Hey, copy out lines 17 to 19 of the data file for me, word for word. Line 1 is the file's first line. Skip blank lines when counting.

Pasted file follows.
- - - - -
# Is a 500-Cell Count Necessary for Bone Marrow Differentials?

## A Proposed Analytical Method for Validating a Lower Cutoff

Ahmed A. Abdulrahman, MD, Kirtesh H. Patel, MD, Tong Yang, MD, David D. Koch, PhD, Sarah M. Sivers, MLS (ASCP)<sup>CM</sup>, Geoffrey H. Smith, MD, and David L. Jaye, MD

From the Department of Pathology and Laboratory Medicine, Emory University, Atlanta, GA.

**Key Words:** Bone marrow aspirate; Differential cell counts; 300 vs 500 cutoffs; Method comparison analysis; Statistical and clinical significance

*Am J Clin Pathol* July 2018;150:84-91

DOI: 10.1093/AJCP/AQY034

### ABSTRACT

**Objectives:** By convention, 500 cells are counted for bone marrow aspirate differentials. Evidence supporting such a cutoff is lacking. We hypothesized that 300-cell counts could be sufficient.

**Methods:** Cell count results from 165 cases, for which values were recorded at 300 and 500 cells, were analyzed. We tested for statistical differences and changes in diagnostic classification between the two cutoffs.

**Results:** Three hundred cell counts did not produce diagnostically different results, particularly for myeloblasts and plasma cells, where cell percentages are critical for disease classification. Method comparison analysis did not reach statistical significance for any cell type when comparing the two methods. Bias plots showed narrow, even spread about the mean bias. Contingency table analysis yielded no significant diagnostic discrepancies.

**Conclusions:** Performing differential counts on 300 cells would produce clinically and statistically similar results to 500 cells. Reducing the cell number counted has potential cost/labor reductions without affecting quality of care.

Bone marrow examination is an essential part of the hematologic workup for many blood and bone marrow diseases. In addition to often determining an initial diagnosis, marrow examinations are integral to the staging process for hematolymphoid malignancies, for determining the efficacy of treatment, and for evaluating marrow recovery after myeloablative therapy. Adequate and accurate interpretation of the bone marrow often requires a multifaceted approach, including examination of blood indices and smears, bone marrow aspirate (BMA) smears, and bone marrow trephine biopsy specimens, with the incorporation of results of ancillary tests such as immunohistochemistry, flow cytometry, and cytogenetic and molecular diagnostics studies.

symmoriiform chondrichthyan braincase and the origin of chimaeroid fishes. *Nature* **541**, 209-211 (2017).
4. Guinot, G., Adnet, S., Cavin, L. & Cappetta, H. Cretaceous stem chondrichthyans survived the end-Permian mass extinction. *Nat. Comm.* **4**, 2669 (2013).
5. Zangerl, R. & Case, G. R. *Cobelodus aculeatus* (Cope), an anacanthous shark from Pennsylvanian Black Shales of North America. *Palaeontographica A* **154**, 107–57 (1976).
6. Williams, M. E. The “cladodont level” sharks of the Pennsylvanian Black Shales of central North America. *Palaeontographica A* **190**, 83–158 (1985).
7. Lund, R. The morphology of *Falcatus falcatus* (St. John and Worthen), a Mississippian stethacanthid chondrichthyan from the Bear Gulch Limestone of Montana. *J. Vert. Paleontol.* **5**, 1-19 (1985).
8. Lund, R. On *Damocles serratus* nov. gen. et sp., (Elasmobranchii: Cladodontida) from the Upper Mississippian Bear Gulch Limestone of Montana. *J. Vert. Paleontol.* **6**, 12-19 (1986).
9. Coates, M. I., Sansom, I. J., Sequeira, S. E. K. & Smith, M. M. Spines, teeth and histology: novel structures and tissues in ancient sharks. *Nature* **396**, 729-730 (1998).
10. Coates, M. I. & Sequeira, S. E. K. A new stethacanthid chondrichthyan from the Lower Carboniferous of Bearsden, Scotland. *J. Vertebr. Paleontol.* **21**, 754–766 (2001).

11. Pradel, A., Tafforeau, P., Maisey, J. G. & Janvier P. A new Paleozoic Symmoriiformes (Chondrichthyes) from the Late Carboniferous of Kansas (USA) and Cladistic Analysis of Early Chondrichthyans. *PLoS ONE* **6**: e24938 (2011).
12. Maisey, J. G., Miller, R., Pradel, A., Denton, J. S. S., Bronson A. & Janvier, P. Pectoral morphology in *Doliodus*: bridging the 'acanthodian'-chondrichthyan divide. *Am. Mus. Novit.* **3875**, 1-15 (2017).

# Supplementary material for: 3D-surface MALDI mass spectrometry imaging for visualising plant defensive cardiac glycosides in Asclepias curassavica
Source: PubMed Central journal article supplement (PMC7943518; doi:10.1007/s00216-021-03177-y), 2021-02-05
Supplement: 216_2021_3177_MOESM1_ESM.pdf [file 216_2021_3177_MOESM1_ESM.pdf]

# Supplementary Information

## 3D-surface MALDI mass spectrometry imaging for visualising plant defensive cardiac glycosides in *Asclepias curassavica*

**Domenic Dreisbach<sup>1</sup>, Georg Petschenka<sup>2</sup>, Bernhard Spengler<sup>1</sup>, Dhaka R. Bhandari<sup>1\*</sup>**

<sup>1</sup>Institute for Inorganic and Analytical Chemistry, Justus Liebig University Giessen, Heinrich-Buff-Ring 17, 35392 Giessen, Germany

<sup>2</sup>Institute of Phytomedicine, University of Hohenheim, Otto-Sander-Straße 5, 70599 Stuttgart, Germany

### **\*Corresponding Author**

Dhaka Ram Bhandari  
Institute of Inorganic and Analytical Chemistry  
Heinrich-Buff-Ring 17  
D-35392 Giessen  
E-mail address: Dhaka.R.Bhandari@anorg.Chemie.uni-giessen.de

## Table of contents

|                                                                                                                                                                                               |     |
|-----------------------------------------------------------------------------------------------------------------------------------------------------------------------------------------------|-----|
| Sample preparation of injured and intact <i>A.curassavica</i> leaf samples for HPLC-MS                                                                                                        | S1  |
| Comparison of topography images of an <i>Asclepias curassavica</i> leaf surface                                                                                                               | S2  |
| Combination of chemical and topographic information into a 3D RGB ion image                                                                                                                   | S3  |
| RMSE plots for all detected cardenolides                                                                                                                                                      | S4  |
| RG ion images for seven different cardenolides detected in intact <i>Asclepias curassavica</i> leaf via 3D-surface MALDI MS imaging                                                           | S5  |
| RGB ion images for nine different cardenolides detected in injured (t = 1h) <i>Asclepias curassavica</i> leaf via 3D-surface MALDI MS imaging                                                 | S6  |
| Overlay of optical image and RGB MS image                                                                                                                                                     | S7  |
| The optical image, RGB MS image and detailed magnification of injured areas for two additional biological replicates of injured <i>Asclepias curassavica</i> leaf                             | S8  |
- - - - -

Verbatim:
6. Williams, M. E. The “cladodont level” sharks of the Pennsylvanian Black Shales of central North America. *Palaeontographica A* **190**, 83–158 (1985).
7. Lund, R. The morphology of *Falcatus falcatus* (St. John and Worthen), a Mississippian stethacanthid chondrichthyan from the Bear Gulch Limestone of Montana. *J. Vert. Paleontol.* **5**, 1-19 (1985).
8. Lund, R. On *Damocles serratus* nov. gen. et sp., (Elasmobranchii: Cladodontida) from the Upper Mississippian Bear Gulch Limestone of Montana. *J. Vert. Paleontol.* **6**, 12-19 (1986).